Statistics released by the Ministry of Justice and reported in the Times, indicated that the number of inheritance disputes being heard by the High Court reached an all-time high in 2019; a total of 188 cases. This is a 47% increase on the 2018 figure, and up on the previous high of 158 cases in 2016. However, it’s likely that these figures only represent a small proportion of inheritance disputes, as they only account for the cases that actually make it before the Court; they do not account for cases that are settled or withdrawn prior.
The upward trend is likely to continue, particularly given the environment in which people have been making Wills in 2020. When the government announced nationwide lockdown in March, it also added an extra complexity in validly executing a Will. The Wills Act 1837 stipulates that a Will must be signed by a testator in the presence of two witnesses, who then must sign in the presence of the testator. Self-isolation, shielding and social distancing did not easily accommodate these requirements (although there were many creative examples to get around this, such as passing wills through car windows and over garden fences.)
The Ministry of Justice took action in July 2020 and introduced temporary legislation in September 2020 to temporarily allow for remote witnessing of Wills over video-conference. This would apply for a period of two years, backdated to 31 January 2020 – the date of the first confirmed coronavirus case in the UK. Whilst this was certainly a positive step, it also had the effect of increasing the scope for challenging the execution and validity of wills made during this period.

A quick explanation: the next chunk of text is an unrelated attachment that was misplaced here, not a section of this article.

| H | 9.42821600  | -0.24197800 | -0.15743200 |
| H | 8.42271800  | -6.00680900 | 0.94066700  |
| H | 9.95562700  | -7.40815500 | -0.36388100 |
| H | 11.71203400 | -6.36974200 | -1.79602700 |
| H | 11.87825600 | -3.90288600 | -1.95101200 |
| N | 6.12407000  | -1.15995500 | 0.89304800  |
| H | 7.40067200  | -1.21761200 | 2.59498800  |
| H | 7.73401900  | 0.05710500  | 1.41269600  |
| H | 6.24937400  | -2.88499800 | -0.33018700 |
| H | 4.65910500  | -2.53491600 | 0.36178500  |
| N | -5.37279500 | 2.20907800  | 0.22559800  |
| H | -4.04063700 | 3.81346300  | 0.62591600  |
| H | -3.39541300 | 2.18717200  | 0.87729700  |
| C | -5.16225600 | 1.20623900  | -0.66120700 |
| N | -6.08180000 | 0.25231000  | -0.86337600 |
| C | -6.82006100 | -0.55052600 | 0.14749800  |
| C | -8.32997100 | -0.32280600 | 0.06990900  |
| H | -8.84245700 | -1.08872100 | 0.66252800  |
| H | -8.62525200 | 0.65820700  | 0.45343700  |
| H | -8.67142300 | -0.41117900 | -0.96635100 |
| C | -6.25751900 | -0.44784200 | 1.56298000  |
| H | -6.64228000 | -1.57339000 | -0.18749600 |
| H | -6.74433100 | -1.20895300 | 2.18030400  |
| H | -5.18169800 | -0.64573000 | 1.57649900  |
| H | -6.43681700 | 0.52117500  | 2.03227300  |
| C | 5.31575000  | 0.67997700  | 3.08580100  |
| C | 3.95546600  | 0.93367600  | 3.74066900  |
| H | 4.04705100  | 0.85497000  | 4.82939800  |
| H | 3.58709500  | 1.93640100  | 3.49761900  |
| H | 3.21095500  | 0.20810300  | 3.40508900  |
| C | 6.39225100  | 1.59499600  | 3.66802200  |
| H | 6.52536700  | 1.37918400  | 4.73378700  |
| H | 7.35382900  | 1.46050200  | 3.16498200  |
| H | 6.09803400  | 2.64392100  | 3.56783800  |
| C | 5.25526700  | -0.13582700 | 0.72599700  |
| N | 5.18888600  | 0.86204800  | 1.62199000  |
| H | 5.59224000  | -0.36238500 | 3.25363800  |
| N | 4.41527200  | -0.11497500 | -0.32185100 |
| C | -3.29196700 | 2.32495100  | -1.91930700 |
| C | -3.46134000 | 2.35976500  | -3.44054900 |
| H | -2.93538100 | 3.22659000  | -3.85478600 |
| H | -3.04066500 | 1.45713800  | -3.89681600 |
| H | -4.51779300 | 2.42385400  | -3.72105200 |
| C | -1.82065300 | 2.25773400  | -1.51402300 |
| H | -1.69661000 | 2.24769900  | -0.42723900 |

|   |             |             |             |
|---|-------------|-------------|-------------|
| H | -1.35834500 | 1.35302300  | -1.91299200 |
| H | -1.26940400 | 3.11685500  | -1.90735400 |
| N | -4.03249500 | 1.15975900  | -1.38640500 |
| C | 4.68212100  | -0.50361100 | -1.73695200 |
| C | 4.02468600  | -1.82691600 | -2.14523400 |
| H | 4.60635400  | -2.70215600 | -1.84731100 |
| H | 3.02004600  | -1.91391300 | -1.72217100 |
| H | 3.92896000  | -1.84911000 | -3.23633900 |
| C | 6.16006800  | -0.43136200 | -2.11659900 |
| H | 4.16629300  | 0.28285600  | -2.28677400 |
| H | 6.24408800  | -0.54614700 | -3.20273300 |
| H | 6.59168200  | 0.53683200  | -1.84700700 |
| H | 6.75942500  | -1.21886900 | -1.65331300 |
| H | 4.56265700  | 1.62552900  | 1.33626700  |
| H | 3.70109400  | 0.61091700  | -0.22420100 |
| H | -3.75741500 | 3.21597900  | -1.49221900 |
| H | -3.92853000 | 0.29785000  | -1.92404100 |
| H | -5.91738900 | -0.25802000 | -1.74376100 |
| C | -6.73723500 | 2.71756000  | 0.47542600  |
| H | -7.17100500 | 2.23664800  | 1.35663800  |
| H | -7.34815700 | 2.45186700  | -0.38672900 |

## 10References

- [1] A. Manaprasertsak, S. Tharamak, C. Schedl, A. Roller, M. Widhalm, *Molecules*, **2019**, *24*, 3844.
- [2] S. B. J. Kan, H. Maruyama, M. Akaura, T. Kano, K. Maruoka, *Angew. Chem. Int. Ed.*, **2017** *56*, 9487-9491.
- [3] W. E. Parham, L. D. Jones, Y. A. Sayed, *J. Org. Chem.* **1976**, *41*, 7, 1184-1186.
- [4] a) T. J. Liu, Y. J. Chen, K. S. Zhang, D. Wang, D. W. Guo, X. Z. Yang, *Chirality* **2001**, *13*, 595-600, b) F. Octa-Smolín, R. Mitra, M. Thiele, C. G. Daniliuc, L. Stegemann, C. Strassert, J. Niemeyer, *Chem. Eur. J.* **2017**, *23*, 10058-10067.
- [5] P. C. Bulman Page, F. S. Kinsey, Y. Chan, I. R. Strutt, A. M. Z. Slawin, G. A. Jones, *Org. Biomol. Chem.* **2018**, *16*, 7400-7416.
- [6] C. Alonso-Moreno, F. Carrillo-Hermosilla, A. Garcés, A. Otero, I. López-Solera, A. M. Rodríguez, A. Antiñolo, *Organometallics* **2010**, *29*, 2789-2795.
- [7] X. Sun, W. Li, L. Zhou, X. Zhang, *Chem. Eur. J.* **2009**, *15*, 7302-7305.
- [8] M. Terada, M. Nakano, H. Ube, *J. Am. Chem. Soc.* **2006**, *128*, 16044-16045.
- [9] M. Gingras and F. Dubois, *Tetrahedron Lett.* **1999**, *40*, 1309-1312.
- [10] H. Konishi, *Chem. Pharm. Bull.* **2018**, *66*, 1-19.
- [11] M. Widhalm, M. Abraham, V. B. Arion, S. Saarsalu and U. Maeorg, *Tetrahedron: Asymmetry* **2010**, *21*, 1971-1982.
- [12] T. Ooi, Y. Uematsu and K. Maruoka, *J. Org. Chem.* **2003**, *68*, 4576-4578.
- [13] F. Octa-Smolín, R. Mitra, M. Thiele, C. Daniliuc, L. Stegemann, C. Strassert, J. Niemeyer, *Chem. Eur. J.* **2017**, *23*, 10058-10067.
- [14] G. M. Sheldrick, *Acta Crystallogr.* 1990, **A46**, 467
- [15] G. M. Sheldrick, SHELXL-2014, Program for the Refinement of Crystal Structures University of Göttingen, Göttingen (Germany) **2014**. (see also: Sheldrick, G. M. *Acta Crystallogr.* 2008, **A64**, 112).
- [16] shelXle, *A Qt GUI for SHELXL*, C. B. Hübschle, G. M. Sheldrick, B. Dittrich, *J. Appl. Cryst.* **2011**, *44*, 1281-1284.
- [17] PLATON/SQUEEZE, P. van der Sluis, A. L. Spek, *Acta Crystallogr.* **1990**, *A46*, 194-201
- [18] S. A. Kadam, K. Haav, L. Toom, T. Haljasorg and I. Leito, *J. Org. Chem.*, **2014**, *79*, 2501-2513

On first assessment, disputes could arise as to:
Loss, fraudulent interception or delay
As one original document must be circulated between testator and witnesses (presumably by post), this could allow for the will to be lost, or intercepted and altered in the periods between the testator and each witness signing. The process will also inevitably take longer, with a risk of the testator losing capacity or dying before the will is validly executed.
Technology and execution issues
The temporary regulations state that the witness must actually see the testator’s pen to paper signing the will. If the camera is incorrectly positioned, the quality is such that the signature is not visible, or the connection drops, there could a case to say the will has not been validly witnessed.
One of the requirements for a will to be duly executed is that the testator is free from undue influence. In normal circumstances it is relatively easy for the witnesses to attest to the lack of undue influence at the time the testator executes the will in their physical presence. With video witnessing, it is unclear how one can ensure there is not another person in the room at the time the testator signs their will, exerting pressure.
Retrospective validation of wills
A testator who executed a Will witnessed via video conference, in the time after January 2020, but before the announcement of the retrospective legislation, now find themselves with a valid testamentary document, when it would previously have been invalid.
While the guidance states that video-conferencing witnessing should only be used as a last resort, there is no doubt that people will use this method to execute wills, and it will be interesting to see if any disputes surrounding remotely witnessed wills make their way before the Court. However, to avoid such risks it seems prudent, for those who are able, to execute a new will witnessed in person, when it is safe to do so.